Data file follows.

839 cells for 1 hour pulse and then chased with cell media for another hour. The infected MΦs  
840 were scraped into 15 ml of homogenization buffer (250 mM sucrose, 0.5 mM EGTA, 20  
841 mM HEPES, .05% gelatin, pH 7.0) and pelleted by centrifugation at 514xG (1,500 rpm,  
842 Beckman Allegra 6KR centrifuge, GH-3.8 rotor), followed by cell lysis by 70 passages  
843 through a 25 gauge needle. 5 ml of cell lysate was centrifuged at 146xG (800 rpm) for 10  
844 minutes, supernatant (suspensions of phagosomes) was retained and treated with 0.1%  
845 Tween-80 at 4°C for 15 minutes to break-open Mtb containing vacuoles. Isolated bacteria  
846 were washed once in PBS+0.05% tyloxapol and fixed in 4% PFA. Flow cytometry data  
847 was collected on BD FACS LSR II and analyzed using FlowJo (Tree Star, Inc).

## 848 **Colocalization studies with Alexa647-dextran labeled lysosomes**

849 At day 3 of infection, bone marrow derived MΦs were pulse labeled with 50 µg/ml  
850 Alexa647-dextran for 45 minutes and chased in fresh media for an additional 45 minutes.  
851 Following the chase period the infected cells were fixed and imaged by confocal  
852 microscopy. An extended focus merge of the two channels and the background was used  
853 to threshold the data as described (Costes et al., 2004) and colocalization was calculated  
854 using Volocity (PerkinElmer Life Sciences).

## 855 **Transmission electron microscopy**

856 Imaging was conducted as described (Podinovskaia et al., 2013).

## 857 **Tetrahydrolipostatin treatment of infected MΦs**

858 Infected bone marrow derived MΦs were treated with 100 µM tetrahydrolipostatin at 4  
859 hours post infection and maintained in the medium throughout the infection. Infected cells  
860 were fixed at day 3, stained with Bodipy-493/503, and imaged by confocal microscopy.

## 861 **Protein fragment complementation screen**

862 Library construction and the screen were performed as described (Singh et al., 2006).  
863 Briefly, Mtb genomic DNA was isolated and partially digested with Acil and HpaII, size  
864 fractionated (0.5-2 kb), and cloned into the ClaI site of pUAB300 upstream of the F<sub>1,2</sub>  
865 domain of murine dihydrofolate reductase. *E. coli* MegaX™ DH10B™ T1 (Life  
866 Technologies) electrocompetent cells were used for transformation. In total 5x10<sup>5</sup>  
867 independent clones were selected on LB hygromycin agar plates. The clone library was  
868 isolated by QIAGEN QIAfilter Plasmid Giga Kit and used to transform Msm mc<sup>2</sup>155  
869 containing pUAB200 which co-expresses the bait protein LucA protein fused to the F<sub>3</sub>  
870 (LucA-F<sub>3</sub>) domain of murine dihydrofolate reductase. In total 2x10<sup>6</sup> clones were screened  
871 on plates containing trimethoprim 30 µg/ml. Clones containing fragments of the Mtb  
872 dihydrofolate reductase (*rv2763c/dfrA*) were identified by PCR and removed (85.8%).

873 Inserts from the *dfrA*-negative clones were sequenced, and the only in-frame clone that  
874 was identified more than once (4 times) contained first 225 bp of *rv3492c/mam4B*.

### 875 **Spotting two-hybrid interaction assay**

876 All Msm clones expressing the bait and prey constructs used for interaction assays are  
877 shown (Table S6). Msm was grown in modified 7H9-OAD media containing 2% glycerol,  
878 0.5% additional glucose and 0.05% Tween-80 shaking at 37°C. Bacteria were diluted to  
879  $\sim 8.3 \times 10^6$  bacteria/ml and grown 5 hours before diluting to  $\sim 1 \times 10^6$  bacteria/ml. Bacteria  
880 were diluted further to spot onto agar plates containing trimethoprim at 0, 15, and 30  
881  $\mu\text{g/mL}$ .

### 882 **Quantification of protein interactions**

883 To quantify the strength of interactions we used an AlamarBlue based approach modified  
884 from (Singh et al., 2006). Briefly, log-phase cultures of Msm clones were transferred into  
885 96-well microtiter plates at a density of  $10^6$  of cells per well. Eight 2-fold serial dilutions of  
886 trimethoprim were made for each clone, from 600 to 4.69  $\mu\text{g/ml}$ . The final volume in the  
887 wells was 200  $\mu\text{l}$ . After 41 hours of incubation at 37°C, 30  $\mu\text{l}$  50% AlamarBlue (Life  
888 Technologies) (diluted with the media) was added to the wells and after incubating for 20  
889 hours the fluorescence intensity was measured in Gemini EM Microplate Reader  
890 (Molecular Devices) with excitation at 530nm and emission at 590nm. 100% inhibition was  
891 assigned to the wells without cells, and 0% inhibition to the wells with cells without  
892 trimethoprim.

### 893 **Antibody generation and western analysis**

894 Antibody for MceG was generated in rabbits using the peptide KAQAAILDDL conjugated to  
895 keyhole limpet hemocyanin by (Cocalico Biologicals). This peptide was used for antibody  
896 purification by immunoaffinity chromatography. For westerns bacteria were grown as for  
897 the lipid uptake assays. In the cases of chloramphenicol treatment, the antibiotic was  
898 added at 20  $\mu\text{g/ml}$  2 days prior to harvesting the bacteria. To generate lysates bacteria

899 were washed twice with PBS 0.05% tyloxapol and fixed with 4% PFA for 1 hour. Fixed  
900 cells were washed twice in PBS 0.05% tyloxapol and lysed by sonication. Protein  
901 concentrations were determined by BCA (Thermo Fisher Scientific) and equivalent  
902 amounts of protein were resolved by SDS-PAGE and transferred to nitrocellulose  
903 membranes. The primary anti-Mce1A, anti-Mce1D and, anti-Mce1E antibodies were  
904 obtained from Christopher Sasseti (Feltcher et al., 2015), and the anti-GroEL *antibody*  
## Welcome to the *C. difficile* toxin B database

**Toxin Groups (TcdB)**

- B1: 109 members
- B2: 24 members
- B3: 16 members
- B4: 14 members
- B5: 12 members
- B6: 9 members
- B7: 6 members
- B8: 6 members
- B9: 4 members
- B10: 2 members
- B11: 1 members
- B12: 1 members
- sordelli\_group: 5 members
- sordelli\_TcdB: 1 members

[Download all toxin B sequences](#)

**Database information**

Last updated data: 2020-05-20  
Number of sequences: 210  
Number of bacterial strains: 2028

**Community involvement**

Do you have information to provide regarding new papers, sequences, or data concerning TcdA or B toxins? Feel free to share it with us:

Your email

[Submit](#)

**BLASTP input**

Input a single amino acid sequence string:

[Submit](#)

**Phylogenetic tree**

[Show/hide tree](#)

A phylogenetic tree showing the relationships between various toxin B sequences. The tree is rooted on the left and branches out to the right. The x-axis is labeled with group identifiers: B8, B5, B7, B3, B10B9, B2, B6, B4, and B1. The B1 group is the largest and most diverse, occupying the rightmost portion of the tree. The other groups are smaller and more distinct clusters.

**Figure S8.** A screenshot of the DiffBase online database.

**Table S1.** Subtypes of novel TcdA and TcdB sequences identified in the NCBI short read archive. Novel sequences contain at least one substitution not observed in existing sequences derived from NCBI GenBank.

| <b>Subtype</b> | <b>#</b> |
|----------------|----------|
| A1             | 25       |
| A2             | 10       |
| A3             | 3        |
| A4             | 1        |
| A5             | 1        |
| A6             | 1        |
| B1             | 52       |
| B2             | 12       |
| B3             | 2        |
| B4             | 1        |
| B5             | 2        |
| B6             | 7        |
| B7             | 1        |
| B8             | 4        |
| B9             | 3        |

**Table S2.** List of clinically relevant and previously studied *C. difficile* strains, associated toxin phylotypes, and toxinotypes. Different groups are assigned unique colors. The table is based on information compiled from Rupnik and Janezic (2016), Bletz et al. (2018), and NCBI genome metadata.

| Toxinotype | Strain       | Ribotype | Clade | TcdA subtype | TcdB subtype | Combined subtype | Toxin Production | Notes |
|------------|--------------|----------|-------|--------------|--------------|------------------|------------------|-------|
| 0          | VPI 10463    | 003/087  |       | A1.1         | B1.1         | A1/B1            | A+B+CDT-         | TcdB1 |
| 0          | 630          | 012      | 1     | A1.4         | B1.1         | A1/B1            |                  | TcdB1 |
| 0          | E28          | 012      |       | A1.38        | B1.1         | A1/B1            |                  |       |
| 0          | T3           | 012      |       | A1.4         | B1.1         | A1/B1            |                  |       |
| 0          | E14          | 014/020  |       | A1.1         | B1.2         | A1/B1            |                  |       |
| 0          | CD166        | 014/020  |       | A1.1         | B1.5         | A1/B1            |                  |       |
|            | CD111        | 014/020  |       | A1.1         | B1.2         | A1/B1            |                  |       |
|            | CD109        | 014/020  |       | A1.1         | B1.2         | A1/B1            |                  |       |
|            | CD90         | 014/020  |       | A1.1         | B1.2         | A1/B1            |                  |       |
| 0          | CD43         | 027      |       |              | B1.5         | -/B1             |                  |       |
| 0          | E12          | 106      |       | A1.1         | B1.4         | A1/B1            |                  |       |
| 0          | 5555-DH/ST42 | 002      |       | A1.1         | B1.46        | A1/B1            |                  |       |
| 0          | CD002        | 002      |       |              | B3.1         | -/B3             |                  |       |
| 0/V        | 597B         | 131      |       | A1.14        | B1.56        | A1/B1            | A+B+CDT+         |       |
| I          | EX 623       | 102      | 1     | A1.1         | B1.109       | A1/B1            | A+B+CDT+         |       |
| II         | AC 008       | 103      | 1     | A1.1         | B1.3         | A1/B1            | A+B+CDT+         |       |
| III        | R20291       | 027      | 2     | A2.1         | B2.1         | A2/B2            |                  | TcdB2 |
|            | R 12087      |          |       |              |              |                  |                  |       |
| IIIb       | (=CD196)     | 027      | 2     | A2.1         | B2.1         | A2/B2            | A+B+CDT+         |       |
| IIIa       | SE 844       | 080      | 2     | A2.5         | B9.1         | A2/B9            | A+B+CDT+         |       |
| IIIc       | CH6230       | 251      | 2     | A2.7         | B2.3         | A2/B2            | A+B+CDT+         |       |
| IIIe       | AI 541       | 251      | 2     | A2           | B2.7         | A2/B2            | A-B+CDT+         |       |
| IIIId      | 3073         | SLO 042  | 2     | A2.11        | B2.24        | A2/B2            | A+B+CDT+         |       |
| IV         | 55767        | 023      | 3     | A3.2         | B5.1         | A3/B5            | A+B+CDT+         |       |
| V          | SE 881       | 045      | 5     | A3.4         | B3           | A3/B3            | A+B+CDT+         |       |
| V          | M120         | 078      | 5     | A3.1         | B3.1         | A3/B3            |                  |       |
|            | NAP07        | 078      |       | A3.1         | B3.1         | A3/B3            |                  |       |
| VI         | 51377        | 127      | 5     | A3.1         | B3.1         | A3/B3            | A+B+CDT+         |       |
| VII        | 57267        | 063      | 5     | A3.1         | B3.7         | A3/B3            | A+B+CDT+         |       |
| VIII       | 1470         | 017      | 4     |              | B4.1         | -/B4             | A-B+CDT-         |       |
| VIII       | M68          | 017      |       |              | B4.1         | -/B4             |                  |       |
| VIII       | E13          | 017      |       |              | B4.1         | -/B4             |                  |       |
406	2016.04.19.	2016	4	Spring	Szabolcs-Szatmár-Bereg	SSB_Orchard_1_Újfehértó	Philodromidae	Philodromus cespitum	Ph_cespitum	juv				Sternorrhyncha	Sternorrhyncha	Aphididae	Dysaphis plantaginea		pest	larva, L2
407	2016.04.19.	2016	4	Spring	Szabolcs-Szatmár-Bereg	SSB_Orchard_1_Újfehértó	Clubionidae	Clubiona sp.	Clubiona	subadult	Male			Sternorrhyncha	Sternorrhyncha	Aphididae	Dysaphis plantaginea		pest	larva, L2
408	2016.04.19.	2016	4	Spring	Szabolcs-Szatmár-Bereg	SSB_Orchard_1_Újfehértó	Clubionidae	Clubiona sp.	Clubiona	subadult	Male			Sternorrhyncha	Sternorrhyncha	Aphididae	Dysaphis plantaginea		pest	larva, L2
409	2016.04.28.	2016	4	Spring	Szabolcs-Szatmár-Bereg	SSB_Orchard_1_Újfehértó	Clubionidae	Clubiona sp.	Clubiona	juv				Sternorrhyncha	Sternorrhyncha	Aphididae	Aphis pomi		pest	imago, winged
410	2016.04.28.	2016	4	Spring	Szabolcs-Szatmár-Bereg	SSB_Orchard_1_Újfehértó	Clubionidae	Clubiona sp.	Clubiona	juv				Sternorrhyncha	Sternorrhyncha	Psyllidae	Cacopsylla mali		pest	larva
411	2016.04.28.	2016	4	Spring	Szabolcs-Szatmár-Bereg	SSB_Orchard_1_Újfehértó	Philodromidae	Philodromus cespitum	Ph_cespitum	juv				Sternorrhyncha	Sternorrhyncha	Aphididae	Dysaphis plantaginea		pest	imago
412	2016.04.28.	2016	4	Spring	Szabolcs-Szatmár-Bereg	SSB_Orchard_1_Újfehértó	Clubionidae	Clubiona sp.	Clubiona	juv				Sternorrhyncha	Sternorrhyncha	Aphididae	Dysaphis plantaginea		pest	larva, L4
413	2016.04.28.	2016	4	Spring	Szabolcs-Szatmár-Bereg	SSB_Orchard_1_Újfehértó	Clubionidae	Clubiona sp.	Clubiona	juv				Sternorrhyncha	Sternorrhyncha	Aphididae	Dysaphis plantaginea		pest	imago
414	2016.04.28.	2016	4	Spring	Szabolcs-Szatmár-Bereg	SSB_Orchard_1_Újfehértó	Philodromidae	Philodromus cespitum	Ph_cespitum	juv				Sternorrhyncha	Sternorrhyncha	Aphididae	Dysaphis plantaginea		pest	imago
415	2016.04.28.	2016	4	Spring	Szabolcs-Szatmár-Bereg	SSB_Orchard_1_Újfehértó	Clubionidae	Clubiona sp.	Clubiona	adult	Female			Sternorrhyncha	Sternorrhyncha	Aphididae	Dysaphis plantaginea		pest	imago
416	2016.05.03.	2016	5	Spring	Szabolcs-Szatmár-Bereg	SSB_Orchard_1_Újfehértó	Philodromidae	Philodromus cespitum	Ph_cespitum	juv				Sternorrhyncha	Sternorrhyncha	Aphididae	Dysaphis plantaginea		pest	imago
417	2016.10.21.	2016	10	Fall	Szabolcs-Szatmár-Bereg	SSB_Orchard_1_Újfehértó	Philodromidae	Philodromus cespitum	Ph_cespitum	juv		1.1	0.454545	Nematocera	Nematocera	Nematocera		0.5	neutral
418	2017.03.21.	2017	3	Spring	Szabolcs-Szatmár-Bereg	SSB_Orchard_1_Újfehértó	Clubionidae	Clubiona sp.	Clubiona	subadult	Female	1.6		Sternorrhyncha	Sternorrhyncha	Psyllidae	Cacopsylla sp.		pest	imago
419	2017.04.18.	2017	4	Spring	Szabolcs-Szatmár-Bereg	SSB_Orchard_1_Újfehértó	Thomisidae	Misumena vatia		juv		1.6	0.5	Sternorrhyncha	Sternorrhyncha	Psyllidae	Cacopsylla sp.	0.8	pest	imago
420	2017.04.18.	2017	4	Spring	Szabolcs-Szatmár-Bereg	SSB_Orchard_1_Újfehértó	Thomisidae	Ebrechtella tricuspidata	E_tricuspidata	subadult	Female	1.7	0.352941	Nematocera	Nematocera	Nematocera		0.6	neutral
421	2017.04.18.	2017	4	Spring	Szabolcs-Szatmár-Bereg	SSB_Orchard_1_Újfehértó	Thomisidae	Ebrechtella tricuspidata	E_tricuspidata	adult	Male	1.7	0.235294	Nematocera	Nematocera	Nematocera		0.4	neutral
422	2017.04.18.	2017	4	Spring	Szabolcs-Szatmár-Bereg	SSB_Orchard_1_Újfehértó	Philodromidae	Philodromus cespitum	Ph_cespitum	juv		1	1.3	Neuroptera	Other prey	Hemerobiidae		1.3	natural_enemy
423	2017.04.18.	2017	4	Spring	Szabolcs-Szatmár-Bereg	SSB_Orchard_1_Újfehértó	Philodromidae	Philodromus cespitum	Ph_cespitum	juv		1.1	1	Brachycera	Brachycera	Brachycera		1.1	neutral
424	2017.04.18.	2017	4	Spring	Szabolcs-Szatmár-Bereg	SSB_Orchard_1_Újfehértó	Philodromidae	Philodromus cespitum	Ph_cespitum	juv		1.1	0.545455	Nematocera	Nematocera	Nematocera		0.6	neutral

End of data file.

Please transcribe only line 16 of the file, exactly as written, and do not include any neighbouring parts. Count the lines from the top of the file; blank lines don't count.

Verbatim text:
854 using Volocity (PerkinElmer Life Sciences).